It’s Too Soon to Judge Rex Tillerson
Tillerson is not the first nominee for secretary of state whose company's close ties with a foreign country cast a cloud of suspicion.
The battle lines over Rex Tillerson’s nomination as secretary of state are firming up — within the Republican party. Condoleeza Rice, who held the position under President George W. Bush, supports Tillerson. So does Robert Gates, her partner (together with Steve Hadley) in an eponymous consulting firm and one-time Cabinet colleague as defense secretary. So too does Brent Scowcroft, widely acknowledged as the most effective national security advisor ever to hold that position, as does former Secretary of State James Baker. All four are “realist Republicans.”
Senators Marco Rubio, John McCain, and Lindsey Graham, with whom many neoconservatives identify, all have expressed deep reservations about Tillerson because of his ties to Russia in general and Russian President Valdimir Putin in particular. So have leading Democrats, notably Ben Cardin, ranking member of the Senate Foreign Relations Committee.
Tony Perkins, head of the Family Research Council, a bastion of “movement” conservatives, also openly opposes Tillerson’s nomination. Though he was a strong backer of President-elect Donald Trump, Perkins considers the ExxonMobil CEO to be far too liberal: Tillerson, a former Boy Scout and major contributor to Boy Scouts of America, was a key figure in the Scouts’ decision to accept gays as scout leaders. Equally awful, in Perkins’ view, has been ExxonMobil’s financial support for Planned Parenthood, which Perkins considers to be a criminal organization. Not least, Perkins is also highly suspicious of Tillerson’s ties to Russia.
There is no denying that Tillerson has led ExxonMobil along the sort of moderate-to-liberal path that Perkins, like other evangelical supporters of Trump, clearly abhors. Nor is there any doubt that Tillerson has been exceedingly close to Putin. During the 1990s, Tillerson negotiated directly with then-Prime Minister Putin to establish the $17 billion Sakhalin-1 project, which called for Exxon Neftegas, a subsidiary of ExxonMobil, to develop oil and gas on the island of Sakhalin and the Sea of Okhotsk. Nearly two decades later, in 2011, Tillerson teamed with Rosneft, the giant Russian energy company whose majority shareholder is the Russian government, to form a $500 billion joint venture that called for liquefied natural gas production and oil exploration in the Arctic and Black seas as well as in Siberia. Perhaps not surprisingly, Tillerson bitterly opposed the imposition of sanctions on Moscow, which threatened the viability of his company’s Russian ventures.
Is Tillerson likely to be a Russian stooge? On its face, it is arguable that this will be the case. This is a man who in 2013 Putin honored with the Order of Friendship. And, immediately upon Trump’s announcement of his intention to nominate Tillerson as secretary of state, Putin expressed his delight that this friend of Russia would preside over the department. That the president-elect has avoided criticizing Putin’s policies and has denied any Russian foul play during the 2016 presidential campaign — while his designated national security advisor, Michael Flynn, has his own close ties with Russia — certainly could lead one to conclude that, by naming Tillerson, he is packing the upper reaches of his national security team with Putin sympathizers.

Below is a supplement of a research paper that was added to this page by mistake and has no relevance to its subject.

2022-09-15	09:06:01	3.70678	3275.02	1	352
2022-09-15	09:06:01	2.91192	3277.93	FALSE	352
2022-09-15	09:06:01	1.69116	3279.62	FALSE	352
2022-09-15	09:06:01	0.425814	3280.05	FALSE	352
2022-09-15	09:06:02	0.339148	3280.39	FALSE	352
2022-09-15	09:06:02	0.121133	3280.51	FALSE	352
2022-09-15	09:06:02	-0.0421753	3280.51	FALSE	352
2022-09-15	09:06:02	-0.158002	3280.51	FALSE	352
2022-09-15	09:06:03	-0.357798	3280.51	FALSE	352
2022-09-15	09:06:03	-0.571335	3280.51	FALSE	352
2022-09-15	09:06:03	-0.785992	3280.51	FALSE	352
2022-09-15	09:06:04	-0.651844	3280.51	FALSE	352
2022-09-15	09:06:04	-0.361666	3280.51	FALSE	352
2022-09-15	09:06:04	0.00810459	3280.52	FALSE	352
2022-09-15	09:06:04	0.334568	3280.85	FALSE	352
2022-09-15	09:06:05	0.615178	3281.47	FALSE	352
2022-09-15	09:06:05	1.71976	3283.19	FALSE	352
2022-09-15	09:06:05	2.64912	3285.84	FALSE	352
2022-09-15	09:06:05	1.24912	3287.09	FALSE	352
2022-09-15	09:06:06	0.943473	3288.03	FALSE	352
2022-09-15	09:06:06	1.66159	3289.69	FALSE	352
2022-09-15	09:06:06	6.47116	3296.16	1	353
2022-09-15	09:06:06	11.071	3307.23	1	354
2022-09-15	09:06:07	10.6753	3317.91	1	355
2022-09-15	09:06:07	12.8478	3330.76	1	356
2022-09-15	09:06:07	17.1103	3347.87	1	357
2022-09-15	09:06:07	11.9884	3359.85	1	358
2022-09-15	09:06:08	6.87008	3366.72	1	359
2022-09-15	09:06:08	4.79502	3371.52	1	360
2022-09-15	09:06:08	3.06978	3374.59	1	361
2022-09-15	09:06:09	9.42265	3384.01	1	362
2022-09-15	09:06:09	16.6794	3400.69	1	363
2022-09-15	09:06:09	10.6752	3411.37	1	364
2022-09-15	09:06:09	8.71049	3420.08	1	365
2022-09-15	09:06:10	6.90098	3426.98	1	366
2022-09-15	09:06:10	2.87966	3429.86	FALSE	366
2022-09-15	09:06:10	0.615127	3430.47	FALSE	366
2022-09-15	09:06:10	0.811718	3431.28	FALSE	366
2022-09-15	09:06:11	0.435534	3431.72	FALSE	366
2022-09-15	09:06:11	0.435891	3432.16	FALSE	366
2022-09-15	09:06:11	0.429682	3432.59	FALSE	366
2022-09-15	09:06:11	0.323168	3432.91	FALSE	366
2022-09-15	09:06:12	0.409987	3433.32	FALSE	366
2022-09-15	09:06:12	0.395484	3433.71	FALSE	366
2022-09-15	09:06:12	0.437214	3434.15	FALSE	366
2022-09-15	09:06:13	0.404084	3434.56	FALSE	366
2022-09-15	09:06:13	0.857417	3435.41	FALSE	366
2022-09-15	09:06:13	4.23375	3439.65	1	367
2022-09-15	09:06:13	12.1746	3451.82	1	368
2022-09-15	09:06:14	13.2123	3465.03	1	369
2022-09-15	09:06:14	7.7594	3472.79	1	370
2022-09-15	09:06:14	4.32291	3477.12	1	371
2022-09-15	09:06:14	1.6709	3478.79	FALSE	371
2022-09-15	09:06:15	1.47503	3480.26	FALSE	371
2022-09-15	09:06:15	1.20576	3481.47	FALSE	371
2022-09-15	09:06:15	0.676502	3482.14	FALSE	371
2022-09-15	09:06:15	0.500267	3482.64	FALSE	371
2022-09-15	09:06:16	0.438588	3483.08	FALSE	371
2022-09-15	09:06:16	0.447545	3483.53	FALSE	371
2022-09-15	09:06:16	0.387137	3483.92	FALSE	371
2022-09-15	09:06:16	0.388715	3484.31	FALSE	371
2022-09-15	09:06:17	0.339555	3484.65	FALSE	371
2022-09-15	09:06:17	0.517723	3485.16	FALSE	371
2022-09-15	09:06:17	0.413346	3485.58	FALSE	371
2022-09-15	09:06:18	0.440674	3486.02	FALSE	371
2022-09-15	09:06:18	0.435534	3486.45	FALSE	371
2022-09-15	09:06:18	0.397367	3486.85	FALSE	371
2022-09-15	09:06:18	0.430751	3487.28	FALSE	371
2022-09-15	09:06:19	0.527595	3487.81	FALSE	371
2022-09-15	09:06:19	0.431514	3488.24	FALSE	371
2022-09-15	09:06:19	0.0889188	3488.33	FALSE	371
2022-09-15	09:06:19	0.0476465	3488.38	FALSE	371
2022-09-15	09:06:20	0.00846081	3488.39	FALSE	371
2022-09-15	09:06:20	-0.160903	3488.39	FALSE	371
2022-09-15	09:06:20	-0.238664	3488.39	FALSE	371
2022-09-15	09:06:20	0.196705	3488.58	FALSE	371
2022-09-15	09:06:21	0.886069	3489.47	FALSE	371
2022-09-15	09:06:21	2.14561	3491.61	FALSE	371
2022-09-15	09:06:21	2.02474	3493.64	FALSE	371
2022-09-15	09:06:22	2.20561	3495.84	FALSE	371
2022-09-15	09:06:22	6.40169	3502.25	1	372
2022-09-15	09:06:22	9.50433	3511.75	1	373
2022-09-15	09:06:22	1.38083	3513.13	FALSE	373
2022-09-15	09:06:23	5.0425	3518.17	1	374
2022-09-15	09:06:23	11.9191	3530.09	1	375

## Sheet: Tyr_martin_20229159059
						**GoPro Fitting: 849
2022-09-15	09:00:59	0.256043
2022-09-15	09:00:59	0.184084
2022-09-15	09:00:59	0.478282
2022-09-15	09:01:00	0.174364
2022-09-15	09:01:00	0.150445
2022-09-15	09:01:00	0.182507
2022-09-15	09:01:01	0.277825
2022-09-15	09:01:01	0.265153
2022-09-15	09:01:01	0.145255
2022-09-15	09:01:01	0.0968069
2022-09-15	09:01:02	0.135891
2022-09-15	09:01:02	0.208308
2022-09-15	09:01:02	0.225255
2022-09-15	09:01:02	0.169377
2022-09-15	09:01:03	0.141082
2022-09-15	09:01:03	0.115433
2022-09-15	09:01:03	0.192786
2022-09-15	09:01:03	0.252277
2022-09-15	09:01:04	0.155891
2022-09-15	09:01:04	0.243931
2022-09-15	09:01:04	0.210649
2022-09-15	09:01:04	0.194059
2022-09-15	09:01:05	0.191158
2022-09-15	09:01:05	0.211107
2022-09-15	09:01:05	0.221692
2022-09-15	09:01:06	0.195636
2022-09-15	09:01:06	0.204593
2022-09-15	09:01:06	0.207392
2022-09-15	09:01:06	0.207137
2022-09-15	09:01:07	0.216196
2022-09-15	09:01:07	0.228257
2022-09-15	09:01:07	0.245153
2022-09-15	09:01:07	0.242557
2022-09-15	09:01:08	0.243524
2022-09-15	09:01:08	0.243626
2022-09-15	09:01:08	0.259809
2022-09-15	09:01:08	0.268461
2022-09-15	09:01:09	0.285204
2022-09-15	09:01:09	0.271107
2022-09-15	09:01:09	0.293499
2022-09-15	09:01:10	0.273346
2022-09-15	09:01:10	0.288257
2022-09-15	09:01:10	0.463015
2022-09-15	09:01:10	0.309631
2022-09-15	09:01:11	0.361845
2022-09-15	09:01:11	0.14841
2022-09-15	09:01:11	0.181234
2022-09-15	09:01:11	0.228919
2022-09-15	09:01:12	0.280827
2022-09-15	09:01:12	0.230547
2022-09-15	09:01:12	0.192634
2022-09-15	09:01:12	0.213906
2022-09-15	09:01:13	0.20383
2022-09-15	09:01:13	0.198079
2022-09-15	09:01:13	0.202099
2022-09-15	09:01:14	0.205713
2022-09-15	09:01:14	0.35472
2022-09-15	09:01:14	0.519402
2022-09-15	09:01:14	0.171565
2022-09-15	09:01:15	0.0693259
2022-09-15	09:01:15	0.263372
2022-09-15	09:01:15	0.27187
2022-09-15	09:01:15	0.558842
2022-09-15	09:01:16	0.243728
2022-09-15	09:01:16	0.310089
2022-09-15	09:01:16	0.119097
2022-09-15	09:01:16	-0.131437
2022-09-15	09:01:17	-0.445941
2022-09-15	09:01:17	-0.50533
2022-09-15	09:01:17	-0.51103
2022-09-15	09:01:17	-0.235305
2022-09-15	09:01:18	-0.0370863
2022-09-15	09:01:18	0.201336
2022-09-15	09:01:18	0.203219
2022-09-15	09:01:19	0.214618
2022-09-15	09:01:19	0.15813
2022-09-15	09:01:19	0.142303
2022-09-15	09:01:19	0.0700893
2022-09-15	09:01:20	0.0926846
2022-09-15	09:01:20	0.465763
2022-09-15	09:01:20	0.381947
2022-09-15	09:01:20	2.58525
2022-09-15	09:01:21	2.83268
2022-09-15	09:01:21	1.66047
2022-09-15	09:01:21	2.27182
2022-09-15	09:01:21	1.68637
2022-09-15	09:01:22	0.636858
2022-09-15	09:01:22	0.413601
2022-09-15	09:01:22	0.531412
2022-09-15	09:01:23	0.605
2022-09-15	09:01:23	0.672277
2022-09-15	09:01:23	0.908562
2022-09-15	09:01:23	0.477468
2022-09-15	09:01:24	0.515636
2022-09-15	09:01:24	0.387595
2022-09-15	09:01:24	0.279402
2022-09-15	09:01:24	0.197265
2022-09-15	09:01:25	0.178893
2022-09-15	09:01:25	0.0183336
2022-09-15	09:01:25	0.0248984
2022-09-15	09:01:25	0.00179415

Still, it may well be that when he cozied up to Putin, Tillerson was simply acting in the best interests of ExxonMobil and its shareholders. It is true that at times those interests clashed with State Department objectives, but who is to say those objectives were always the correct ones? In particular, the bureaucrats at State were livid when ExxonMobil signed an agreement with the Kurdistan Regional Government to pump Kurdish oil. That agreement undermined State’s “one Iraq” policy. But it is arguable that the policy was completely wrongheaded, since it subordinated the pro-American Kurds to the whims of the Shia-dominated, Iran-influenced government in Baghdad. In other words, the policy that Tillerson pursued not only was to the benefit of ExxonMobil’s shareholders, but arguably was also in the real interests of the United States, the State Department notwithstanding.
It is also worth noting that several of the aforementioned “realists” who support Tillerson have their own connections to Russia. Can anyone seriously argue that these American patriots would sell out their country’s interests to Moscow, or support someone whom they suspected was likely to do so?
Tillerson is not the first nominee for secretary of state whose company’s close ties with a foreign country cast a cloud of suspicion. When President Ronald Reagan nominated George Shultz to succeed Alexander Haig as secretary of state, the American pro-Israel community was horrified. Haig had been openly pro-Israel; in contrast, Shultz had been a senior executive at Bechtel, a company noted for its close ties with Saudi Arabia. Yet Shultz proved to be a strong supporter of the Jewish state, and has been lionized by Israel’s supporters ever since. In retrospect, it has long been clear that when he left Bechtel to join the Reagan administration, he shed any ties to its policies. Might not Tillerson do the same?
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